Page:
Qualities of effective school board members

Qualities of effective school board members

Rebutting the rhetoric about school boards

Rebutting the rhetoric about school boards
Kentucky School Advocate
July/August 2015 
 
By Vickie Mitchell
Contributing Writer
 
Elected school boards have been under attack nationally for some time, but a researcher showed attendees at a KSBA Summer Leadership Institute clinic that many of the complaints are unfounded.
 
“I am here to bring you information that will help you respond to what I call the rhetoric about elected school boards, and to share with you what we are seeing as we have studied boards in the United States and overseas on what kinds of things that boards linked to high (student) achievement are doing,” said Dr. Thomas L. Alsbury, professor of educational leadership at Seattle Pacific University and the president of Balanced Governance Solutions.
 
PHOTO: Dr. Thomas L. Alsbury, left, discusses his presentation with Garrard County board member Kirby Overman. 
 
His work shows that the elected school board is an effective form of governance and that school boards do affect student achievement.
 
For example, some have pushed for a shift to appointed boards, arguing that appointed boards would have a higher level of professionalism than elected ones. Alsbury’s research found that, to the contrary, appointed boards are less professional because their members are chosen for political reasons.
 
Many also believe that school boards do not reflect the diversity of their communities. Alsbury found school boards to be “more balanced in occupation and socioeconomics” than any other type of board– appointed or elected – in the United States, including Congress.
 
“Are we as representative as we could be, no, but if the argument is that due to representation we should eliminate the elected board, then we should look at Congress and we ought to throw that governance process out,” said Alsbury. “Every other entity should be looking to school boards and asking, ‘How did you get so equitable?’”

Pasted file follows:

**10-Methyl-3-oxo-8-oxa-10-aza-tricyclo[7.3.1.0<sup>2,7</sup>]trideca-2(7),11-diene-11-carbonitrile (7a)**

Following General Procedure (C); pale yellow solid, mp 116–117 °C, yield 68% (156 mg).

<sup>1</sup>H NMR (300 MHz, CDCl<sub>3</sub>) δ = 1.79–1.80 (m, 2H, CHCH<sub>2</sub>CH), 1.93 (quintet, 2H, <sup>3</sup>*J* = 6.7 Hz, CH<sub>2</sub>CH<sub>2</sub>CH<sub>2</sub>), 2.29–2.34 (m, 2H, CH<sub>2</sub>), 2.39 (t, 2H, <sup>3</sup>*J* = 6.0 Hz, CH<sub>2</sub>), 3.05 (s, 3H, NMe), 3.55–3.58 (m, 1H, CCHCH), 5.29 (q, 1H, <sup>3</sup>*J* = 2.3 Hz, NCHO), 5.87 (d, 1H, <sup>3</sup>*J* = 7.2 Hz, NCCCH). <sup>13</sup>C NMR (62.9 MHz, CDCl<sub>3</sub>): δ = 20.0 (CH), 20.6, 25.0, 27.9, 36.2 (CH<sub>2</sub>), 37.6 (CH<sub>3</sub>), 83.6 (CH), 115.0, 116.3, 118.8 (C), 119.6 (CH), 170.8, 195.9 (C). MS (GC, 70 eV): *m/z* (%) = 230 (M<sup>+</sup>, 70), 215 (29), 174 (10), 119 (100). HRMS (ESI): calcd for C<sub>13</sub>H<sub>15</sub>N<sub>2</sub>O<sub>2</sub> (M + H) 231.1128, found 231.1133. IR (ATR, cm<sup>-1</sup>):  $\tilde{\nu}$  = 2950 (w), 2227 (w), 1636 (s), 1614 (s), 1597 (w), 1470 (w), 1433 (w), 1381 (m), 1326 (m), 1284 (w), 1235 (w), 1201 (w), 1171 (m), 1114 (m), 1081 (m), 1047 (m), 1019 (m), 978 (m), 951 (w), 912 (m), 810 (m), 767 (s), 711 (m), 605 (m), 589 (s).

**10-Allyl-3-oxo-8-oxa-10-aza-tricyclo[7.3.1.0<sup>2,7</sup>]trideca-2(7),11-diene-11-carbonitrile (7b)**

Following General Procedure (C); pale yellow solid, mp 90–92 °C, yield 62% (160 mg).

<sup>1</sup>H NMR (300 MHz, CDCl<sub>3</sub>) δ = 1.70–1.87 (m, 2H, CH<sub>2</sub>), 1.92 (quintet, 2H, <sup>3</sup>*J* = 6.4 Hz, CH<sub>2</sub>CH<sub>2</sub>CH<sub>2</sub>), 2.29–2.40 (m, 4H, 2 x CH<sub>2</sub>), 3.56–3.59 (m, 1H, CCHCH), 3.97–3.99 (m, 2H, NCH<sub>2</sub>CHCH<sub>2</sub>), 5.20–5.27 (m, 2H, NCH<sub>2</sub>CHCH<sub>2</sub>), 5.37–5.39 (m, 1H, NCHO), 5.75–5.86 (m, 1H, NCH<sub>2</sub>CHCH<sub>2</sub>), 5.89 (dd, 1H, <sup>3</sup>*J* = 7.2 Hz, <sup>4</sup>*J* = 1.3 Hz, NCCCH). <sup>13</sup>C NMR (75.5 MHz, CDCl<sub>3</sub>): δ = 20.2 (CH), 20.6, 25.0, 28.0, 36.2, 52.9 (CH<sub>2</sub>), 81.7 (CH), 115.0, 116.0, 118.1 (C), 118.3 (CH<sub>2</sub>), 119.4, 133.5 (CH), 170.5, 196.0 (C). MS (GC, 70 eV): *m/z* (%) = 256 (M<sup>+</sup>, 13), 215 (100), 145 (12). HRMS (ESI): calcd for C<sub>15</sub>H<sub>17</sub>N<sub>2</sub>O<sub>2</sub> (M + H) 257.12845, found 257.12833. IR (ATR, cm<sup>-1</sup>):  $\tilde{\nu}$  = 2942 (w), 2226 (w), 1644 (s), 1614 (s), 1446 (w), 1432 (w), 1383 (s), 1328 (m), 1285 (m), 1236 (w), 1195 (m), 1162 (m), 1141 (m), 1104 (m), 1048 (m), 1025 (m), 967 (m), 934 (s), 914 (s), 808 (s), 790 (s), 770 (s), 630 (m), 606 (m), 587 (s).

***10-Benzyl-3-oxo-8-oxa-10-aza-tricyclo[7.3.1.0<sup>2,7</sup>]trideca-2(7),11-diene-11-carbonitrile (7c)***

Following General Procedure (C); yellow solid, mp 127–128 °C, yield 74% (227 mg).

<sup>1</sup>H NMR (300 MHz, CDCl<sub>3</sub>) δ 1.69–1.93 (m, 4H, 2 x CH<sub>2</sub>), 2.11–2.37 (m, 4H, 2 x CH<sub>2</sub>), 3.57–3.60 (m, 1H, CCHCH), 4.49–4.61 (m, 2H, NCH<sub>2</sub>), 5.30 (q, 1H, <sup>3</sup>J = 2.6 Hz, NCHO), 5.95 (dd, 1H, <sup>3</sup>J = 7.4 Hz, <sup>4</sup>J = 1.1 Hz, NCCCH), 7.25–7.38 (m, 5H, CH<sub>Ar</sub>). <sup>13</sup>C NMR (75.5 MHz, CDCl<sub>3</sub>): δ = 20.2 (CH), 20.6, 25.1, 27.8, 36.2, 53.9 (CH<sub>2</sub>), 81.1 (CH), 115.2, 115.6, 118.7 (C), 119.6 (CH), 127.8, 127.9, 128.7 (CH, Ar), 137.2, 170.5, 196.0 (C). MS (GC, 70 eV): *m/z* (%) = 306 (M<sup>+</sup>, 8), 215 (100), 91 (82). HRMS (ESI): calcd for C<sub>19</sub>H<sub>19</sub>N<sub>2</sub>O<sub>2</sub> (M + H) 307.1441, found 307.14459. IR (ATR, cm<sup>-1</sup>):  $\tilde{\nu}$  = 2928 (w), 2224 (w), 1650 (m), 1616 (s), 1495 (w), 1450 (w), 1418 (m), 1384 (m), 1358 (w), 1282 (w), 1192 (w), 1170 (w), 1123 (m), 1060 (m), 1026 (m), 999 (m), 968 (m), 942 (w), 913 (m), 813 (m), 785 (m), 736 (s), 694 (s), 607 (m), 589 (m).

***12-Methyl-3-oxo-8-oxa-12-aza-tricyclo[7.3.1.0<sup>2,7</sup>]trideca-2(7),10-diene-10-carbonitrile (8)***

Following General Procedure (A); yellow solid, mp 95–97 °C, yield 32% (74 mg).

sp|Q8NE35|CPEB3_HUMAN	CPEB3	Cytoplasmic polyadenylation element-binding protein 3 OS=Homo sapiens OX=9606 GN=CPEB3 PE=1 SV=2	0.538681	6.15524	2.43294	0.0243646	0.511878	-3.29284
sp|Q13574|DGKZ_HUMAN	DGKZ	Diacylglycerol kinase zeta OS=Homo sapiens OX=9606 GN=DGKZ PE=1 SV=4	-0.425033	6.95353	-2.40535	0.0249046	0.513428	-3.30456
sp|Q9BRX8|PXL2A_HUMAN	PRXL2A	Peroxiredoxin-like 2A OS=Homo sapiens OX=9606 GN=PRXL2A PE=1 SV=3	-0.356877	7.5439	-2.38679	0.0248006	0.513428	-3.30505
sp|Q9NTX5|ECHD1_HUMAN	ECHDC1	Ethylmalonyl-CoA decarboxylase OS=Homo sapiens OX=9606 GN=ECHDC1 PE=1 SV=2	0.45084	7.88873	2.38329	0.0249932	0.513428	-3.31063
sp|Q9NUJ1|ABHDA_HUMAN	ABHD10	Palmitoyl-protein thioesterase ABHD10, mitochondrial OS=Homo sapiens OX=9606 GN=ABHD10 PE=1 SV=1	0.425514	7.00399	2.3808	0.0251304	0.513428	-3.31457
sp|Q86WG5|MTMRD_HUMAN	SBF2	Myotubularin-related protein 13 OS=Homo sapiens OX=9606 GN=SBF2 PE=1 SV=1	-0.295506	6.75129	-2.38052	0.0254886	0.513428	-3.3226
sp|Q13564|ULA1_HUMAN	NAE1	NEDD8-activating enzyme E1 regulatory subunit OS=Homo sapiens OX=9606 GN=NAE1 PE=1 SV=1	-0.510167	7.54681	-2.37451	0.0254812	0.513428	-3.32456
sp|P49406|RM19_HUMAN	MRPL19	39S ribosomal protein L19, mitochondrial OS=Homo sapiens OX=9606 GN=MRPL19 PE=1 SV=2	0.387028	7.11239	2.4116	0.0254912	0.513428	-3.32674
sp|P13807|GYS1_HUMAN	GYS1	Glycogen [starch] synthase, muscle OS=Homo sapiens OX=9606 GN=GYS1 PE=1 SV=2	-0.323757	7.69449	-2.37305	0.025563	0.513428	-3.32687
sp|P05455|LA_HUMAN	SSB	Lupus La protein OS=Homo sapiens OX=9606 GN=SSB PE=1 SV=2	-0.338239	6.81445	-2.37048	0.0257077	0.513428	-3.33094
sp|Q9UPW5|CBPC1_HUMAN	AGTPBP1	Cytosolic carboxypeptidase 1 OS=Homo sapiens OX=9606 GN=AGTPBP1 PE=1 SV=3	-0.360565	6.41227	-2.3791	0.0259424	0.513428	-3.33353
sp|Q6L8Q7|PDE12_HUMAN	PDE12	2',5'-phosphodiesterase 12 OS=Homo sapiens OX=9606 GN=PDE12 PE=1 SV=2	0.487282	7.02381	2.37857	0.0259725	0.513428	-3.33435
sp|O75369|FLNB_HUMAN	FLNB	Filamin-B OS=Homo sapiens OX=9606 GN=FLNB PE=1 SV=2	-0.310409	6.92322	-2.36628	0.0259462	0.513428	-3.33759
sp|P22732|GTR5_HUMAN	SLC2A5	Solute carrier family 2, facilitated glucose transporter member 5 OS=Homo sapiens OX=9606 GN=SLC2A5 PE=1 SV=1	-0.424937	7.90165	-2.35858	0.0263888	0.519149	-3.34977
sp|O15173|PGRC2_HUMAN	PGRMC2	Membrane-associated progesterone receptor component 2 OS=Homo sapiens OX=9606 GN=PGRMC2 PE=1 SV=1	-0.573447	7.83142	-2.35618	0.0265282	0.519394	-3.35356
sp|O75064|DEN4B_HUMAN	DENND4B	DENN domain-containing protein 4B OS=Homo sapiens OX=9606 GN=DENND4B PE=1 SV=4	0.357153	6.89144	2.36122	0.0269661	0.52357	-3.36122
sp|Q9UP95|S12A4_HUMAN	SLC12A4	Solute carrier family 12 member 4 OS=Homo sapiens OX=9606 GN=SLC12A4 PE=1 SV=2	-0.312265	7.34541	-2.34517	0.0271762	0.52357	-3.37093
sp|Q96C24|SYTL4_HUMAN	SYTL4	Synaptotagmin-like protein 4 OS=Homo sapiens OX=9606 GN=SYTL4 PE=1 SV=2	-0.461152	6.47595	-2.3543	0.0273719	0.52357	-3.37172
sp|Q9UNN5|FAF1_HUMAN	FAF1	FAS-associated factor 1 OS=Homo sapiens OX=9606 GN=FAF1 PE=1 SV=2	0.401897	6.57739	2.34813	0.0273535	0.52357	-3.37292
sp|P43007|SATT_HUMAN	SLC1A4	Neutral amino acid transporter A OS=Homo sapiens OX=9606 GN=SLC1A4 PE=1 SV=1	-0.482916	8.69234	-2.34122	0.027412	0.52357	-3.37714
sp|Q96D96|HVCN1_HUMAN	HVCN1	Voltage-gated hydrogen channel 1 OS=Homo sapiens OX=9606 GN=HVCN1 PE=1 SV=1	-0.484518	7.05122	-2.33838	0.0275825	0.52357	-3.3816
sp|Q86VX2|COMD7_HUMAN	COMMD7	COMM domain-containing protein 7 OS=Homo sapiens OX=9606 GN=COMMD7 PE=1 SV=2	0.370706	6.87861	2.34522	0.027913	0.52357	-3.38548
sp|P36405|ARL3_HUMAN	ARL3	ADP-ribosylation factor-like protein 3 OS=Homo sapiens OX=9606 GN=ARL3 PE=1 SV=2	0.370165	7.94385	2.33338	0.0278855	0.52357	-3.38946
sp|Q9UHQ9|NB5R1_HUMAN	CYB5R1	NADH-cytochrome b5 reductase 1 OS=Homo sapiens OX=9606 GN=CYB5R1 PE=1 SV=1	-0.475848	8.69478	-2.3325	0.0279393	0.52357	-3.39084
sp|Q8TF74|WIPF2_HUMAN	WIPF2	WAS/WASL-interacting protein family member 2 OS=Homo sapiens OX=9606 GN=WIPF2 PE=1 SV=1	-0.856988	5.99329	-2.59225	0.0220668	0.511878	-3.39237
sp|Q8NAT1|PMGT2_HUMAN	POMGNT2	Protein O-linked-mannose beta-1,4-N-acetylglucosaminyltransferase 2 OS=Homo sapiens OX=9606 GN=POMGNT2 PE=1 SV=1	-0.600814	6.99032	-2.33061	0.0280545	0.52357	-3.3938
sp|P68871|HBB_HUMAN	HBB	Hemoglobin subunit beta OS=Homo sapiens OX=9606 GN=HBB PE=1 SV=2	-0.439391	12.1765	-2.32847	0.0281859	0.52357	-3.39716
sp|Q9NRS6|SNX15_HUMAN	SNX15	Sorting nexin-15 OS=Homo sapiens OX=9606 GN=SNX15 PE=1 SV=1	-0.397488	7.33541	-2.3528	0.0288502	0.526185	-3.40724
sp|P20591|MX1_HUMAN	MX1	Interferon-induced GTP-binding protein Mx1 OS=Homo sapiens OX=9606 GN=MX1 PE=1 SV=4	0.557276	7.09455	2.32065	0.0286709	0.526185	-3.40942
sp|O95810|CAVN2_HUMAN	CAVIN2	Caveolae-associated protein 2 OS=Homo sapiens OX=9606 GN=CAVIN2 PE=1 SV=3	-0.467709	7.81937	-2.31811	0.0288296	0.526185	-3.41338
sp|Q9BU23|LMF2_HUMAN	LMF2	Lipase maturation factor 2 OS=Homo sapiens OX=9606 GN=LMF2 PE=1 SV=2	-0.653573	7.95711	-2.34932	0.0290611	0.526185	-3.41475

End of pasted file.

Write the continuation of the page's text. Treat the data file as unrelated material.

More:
Alsbury edited the recently published book Improving School Board Effectiveness: A Balanced Governance Approach. He is working with KSBA to develop a board self-assessment process based on effective governance research.
 
During his session, he also shared some of the qualities of school boards and school board members that have taken the balanced governance approach he has developed, based on his studies of effective school boards.
 
At the top of the qualities for school boards is a focus on teaching and learning improvement.
“The focus is not on compliance and being directive and controlling,” he said, “but on setting and holding people to high standards and instructional improvement.”
 
Effective boards also partner with the community, use data to improve and employ innovation and creativity.
 
The most effective boards are neither a “benign cheerleader or a critic,” Alsbury said. Rather, they know what the school district is doing well, where it is failing and how it is trying to improve.
 
“While we do not interfere or tell administrators and teachers how to do their jobs, what we do is have more effective, informed oversight because we know what is going on and what is not going on,” he said.

 
 Qualities of effective board members
• Knowing how and when to engage in open dialogue versus open debate.
 
• Understanding that they should oversee without overreaching.
 
• Being driven by interests and not individual positions.
 
• Having a broad focus on  student concerns.
 
• Appreciating each school’s unique and shifting needs.
 
• Using their voice to reach resolution and reconciliation.
 
• Using power to ensure all voices are heard and solutions are reached through collaboration.
 
•Serving because of altruistic rather personal motivations.
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